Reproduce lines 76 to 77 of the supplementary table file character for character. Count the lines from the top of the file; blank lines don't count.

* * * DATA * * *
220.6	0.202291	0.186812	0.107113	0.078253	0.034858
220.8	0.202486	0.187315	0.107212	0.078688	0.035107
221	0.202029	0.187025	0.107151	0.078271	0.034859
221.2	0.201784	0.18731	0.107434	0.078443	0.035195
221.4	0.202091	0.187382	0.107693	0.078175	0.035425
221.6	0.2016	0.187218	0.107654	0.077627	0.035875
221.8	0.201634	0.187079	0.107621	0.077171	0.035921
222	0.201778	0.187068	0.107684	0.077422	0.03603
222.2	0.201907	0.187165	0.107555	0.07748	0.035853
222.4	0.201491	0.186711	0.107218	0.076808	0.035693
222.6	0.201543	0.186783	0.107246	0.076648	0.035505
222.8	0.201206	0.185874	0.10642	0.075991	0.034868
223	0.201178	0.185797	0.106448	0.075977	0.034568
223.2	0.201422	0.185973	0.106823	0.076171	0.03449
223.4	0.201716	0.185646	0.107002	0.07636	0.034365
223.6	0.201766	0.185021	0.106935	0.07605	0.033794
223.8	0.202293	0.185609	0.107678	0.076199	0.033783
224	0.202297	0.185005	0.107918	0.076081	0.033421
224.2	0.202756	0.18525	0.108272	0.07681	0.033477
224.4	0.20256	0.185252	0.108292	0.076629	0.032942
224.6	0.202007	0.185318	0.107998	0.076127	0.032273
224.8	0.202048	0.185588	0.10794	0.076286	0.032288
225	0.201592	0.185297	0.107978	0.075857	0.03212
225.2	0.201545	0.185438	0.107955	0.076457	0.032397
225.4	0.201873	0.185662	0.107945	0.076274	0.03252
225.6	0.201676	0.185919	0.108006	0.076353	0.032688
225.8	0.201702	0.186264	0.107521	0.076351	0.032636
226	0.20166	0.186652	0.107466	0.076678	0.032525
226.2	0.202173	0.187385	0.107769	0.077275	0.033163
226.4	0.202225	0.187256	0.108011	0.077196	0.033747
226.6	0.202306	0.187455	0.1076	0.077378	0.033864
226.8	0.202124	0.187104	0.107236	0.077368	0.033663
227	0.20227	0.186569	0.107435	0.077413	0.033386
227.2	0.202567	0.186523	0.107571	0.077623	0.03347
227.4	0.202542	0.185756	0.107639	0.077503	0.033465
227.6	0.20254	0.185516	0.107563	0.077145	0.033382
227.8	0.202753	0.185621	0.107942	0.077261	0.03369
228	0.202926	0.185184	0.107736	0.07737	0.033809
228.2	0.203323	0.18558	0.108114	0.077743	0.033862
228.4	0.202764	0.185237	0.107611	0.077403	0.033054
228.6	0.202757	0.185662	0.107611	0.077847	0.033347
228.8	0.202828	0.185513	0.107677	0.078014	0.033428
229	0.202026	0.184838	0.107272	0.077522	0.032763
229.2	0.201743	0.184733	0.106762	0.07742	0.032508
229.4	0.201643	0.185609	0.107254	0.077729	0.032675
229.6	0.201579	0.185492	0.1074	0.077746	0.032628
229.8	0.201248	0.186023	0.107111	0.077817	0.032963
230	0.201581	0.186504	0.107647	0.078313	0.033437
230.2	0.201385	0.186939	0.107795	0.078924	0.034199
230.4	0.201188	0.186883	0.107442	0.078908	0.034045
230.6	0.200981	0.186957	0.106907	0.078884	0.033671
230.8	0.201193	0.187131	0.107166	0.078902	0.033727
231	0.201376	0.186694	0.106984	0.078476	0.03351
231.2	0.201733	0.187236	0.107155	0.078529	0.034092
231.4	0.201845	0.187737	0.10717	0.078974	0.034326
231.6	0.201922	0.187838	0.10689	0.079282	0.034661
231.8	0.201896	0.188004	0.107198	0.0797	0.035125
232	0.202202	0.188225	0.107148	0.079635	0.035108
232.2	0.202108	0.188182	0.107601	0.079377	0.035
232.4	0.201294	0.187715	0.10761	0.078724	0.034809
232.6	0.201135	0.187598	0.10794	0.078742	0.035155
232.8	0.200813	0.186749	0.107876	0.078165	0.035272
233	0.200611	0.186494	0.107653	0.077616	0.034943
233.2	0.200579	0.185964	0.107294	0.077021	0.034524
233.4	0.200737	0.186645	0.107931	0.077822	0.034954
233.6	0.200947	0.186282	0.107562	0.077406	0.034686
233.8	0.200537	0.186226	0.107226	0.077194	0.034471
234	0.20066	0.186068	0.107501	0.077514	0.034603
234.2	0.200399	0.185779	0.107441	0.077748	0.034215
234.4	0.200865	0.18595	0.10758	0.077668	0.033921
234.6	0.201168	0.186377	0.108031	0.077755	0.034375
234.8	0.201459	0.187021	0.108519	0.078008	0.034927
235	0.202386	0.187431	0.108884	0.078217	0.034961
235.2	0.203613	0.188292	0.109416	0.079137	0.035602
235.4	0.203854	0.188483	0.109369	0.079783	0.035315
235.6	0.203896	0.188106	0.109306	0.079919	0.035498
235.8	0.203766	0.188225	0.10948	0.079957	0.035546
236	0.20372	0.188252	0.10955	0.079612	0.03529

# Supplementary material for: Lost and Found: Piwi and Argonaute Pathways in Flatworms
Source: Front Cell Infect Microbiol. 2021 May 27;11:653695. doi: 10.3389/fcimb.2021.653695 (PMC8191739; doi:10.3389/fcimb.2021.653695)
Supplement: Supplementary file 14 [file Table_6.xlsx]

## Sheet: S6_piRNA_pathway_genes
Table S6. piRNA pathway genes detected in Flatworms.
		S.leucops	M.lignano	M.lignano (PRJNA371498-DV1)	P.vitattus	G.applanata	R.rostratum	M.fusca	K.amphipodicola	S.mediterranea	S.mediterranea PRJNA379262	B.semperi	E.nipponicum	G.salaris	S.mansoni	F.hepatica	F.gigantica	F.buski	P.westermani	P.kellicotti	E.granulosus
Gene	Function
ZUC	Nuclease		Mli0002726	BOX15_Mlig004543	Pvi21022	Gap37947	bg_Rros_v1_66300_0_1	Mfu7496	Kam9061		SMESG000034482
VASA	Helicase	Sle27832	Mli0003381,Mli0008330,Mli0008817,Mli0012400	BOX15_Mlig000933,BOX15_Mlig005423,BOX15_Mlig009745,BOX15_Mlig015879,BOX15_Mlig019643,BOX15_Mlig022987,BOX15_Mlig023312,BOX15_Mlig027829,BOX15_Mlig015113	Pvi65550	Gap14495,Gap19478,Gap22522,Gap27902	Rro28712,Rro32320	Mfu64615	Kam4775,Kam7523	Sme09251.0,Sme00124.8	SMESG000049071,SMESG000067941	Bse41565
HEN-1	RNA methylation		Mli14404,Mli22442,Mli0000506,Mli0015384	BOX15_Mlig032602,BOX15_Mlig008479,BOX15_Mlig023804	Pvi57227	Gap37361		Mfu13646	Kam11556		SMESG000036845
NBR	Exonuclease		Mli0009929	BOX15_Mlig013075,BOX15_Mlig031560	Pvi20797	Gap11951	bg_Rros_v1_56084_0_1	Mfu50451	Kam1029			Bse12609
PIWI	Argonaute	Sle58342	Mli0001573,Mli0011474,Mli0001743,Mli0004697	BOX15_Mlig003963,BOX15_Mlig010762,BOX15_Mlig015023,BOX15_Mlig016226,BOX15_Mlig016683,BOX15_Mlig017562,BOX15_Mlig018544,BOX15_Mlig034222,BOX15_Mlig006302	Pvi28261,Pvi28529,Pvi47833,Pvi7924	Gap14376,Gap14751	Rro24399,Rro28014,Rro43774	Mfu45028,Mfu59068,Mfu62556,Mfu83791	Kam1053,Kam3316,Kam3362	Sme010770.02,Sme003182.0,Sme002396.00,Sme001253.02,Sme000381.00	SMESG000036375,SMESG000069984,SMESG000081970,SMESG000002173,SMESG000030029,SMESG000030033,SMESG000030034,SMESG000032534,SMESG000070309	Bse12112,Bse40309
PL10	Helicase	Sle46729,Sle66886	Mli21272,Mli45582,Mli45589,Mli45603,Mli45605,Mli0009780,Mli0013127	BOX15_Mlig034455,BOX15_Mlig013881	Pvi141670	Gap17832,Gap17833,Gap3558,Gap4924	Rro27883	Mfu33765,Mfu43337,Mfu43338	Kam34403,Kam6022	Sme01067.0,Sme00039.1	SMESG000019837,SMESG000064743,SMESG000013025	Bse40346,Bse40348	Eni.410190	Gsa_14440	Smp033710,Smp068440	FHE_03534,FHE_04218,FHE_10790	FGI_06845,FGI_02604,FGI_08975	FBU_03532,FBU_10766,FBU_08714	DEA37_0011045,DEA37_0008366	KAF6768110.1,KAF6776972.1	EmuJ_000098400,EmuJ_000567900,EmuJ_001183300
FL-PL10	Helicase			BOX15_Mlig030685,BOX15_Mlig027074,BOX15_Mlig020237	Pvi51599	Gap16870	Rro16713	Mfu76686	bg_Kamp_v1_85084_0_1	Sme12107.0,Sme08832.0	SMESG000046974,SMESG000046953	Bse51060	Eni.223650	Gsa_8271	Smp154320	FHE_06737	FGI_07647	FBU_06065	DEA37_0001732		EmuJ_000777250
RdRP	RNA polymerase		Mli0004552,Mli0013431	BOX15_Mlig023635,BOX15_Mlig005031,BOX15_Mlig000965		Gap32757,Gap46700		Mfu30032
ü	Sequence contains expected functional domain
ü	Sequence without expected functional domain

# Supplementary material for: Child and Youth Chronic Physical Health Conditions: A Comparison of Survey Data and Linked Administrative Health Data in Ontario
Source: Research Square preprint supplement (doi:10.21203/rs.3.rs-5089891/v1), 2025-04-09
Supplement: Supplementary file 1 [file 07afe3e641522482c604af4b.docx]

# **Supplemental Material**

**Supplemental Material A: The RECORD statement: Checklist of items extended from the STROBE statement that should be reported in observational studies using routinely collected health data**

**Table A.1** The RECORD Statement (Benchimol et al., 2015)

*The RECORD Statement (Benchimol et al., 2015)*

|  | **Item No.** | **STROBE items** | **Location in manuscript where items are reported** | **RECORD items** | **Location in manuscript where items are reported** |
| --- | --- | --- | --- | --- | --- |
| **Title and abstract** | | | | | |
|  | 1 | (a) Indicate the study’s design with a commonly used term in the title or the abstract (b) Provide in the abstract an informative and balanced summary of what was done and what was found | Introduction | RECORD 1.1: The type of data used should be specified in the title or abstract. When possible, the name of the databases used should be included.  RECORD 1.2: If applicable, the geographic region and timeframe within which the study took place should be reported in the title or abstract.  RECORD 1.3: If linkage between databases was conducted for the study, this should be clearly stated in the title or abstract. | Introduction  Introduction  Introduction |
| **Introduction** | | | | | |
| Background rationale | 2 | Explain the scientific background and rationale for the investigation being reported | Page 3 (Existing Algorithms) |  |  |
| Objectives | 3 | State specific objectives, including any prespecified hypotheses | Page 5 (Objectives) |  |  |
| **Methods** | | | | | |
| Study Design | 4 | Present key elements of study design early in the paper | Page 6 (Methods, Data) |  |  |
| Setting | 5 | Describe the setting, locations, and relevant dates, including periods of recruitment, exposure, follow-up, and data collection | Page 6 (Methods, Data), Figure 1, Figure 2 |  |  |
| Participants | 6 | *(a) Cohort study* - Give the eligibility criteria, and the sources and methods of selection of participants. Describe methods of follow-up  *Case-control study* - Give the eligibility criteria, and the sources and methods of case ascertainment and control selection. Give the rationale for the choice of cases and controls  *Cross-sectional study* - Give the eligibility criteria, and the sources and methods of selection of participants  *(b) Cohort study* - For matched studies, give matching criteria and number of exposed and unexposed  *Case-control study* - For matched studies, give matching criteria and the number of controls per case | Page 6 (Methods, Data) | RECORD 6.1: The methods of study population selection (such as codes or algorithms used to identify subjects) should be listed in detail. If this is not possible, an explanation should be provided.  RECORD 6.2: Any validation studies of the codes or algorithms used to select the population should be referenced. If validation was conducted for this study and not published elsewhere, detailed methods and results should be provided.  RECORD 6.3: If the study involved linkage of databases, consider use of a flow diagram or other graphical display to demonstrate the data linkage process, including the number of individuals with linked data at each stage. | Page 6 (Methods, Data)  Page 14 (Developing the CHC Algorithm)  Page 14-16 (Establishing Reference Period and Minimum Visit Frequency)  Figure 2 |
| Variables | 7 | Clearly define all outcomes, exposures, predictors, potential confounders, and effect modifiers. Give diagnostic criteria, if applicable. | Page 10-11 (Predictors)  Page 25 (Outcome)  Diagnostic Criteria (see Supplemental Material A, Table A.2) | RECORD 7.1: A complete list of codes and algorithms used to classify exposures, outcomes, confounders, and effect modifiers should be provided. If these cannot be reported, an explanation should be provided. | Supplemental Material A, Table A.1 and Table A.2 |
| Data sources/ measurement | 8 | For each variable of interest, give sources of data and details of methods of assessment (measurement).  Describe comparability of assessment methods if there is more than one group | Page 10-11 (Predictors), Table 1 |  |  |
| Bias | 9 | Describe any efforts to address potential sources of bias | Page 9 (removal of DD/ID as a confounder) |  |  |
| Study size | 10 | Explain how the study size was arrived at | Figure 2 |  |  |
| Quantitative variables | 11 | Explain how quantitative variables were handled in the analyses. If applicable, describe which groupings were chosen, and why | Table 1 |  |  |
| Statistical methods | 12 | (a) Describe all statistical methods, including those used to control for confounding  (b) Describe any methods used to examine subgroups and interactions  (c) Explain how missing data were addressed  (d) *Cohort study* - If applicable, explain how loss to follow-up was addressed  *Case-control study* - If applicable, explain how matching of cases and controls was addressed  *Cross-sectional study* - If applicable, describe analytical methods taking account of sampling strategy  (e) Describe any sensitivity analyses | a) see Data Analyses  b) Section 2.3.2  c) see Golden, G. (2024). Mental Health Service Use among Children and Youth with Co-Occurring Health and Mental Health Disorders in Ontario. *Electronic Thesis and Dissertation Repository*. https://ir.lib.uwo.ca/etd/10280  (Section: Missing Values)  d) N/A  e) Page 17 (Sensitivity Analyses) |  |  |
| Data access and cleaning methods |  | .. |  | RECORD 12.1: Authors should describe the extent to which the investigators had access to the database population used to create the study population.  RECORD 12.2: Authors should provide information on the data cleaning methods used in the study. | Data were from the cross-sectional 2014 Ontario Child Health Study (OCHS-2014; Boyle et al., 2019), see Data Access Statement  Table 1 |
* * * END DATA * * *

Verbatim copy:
235.6	0.203896	0.188106	0.109306	0.079919	0.035498
235.8	0.203766	0.188225	0.10948	0.079957	0.035546